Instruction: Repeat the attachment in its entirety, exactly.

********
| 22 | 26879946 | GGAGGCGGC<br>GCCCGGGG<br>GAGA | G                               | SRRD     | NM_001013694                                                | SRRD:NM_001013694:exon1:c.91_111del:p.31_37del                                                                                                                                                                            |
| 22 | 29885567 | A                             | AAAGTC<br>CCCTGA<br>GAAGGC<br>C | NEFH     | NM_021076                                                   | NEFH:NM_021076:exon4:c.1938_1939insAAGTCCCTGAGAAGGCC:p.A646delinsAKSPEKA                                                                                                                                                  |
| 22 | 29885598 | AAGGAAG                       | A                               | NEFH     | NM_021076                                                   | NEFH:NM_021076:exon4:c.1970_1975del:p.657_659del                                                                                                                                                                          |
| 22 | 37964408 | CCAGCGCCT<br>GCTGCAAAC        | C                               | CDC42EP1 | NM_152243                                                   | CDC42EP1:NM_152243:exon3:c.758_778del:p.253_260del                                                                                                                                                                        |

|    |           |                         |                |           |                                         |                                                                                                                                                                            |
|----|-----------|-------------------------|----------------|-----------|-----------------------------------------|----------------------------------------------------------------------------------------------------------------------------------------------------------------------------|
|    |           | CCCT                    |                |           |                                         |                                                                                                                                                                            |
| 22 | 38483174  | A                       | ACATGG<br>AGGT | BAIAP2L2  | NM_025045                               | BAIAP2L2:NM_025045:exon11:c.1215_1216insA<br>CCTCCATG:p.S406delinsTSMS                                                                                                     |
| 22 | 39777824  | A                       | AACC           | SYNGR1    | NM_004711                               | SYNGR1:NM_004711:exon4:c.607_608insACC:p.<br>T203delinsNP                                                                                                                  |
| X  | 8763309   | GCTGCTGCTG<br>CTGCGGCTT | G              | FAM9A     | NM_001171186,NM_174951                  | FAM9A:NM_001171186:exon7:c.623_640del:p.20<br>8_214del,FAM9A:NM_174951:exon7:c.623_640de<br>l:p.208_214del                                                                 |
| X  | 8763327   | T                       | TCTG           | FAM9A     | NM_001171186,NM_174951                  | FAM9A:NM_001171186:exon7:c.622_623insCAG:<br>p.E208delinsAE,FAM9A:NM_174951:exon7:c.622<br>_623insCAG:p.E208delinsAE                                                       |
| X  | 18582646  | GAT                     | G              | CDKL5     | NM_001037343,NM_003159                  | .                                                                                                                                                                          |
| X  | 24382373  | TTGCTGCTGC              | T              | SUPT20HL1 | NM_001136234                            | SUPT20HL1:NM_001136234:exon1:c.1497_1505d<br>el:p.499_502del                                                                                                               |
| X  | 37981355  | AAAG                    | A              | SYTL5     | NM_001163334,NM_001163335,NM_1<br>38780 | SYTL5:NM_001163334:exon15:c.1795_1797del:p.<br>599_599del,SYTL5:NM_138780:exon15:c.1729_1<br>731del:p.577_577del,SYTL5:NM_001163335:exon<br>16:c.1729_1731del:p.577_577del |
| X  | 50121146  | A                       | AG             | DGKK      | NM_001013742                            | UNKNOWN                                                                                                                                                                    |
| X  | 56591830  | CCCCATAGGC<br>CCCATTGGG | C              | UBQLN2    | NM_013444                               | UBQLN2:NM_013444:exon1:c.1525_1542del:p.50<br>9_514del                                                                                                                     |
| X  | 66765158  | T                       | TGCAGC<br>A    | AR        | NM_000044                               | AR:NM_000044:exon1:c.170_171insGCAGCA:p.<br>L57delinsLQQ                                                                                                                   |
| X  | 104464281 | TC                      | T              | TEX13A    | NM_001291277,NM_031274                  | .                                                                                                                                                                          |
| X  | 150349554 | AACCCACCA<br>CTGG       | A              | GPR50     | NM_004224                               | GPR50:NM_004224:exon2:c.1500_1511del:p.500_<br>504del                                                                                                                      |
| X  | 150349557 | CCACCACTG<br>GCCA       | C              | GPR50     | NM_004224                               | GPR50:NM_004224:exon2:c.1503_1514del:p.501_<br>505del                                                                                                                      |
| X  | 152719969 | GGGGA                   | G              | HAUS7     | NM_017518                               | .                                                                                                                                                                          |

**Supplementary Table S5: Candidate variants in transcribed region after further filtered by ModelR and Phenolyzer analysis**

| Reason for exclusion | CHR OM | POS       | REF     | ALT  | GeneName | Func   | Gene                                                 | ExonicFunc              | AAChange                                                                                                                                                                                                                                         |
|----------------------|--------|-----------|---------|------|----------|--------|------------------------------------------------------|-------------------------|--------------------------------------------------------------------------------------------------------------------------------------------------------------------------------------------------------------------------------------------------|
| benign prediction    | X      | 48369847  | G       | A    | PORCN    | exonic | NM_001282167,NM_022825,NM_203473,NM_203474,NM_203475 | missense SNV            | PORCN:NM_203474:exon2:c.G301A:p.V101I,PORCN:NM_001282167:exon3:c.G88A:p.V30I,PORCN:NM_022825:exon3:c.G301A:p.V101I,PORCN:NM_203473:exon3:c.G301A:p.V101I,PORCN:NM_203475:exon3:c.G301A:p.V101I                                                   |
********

| 22 | 26879946 | GGAGGCGGC<br>GCCCGGGG<br>GAGA | G                               | SRRD     | NM_001013694                                                | SRRD:NM_001013694:exon1:c.91_111del:p.31_37del                                                                                                                                                                            |
| 22 | 29885567 | A                             | AAAGTC<br>CCCTGA<br>GAAGGC<br>C | NEFH     | NM_021076                                                   | NEFH:NM_021076:exon4:c.1938_1939insAAGTCCCTGAGAAGGCC:p.A646delinsAKSPEKA                                                                                                                                                  |
| 22 | 29885598 | AAGGAAG                       | A                               | NEFH     | NM_021076                                                   | NEFH:NM_021076:exon4:c.1970_1975del:p.657_659del                                                                                                                                                                          |
| 22 | 37964408 | CCAGCGCCT<br>GCTGCAAAC        | C                               | CDC42EP1 | NM_152243                                                   | CDC42EP1:NM_152243:exon3:c.758_778del:p.253_260del                                                                                                                                                                        |

|    |           |                         |                |           |                                         |                                                                                                                                                                            |
|----|-----------|-------------------------|----------------|-----------|-----------------------------------------|----------------------------------------------------------------------------------------------------------------------------------------------------------------------------|
|    |           | CCCT                    |                |           |                                         |                                                                                                                                                                            |
| 22 | 38483174  | A                       | ACATGG<br>AGGT | BAIAP2L2  | NM_025045                               | BAIAP2L2:NM_025045:exon11:c.1215_1216insA<br>CCTCCATG:p.S406delinsTSMS                                                                                                     |
| 22 | 39777824  | A                       | AACC           | SYNGR1    | NM_004711                               | SYNGR1:NM_004711:exon4:c.607_608insACC:p.<br>T203delinsNP                                                                                                                  |
| X  | 8763309   | GCTGCTGCTG<br>CTGCGGCTT | G              | FAM9A     | NM_001171186,NM_174951                  | FAM9A:NM_001171186:exon7:c.623_640del:p.20<br>8_214del,FAM9A:NM_174951:exon7:c.623_640de<br>l:p.208_214del                                                                 |
| X  | 8763327   | T                       | TCTG           | FAM9A     | NM_001171186,NM_174951                  | FAM9A:NM_001171186:exon7:c.622_623insCAG:<br>p.E208delinsAE,FAM9A:NM_174951:exon7:c.622<br>_623insCAG:p.E208delinsAE                                                       |
| X  | 18582646  | GAT                     | G              | CDKL5     | NM_001037343,NM_003159                  | .                                                                                                                                                                          |
| X  | 24382373  | TTGCTGCTGC              | T              | SUPT20HL1 | NM_001136234                            | SUPT20HL1:NM_001136234:exon1:c.1497_1505d<br>el:p.499_502del                                                                                                               |
| X  | 37981355  | AAAG                    | A              | SYTL5     | NM_001163334,NM_001163335,NM_1<br>38780 | SYTL5:NM_001163334:exon15:c.1795_1797del:p.<br>599_599del,SYTL5:NM_138780:exon15:c.1729_1<br>731del:p.577_577del,SYTL5:NM_001163335:exon<br>16:c.1729_1731del:p.577_577del |
| X  | 50121146  | A                       | AG             | DGKK      | NM_001013742                            | UNKNOWN                                                                                                                                                                    |
| X  | 56591830  | CCCCATAGGC<br>CCCATTGGG | C              | UBQLN2    | NM_013444                               | UBQLN2:NM_013444:exon1:c.1525_1542del:p.50<br>9_514del                                                                                                                     |
| X  | 66765158  | T                       | TGCAGC<br>A    | AR        | NM_000044                               | AR:NM_000044:exon1:c.170_171insGCAGCA:p.<br>L57delinsLQQ                                                                                                                   |
| X  | 104464281 | TC                      | T              | TEX13A    | NM_001291277,NM_031274                  | .                                                                                                                                                                          |
| X  | 150349554 | AACCCACCA<br>CTGG       | A              | GPR50     | NM_004224                               | GPR50:NM_004224:exon2:c.1500_1511del:p.500_<br>504del                                                                                                                      |
| X  | 150349557 | CCACCACTG<br>GCCA       | C              | GPR50     | NM_004224                               | GPR50:NM_004224:exon2:c.1503_1514del:p.501_<br>505del                                                                                                                      |
| X  | 152719969 | GGGGA                   | G              | HAUS7     | NM_017518                               | .                                                                                                                                                                          |

**Supplementary Table S5: Candidate variants in transcribed region after further filtered by ModelR and Phenolyzer analysis**

| Reason for exclusion | CHR OM | POS       | REF     | ALT  | GeneName | Func   | Gene                                                 | ExonicFunc              | AAChange                                                                                                                                                                                                                                         |
|----------------------|--------|-----------|---------|------|----------|--------|------------------------------------------------------|-------------------------|--------------------------------------------------------------------------------------------------------------------------------------------------------------------------------------------------------------------------------------------------|
| benign prediction    | X      | 48369847  | G       | A    | PORCN    | exonic | NM_001282167,NM_022825,NM_203473,NM_203474,NM_203475 | missense SNV            | PORCN:NM_203474:exon2:c.G301A:p.V101I,PORCN:NM_001282167:exon3:c.G88A:p.V30I,PORCN:NM_022825:exon3:c.G301A:p.V101I,PORCN:NM_203473:exon3:c.G301A:p.V101I,PORCN:NM_203475:exon3:c.G301A:p.V101I                                                   |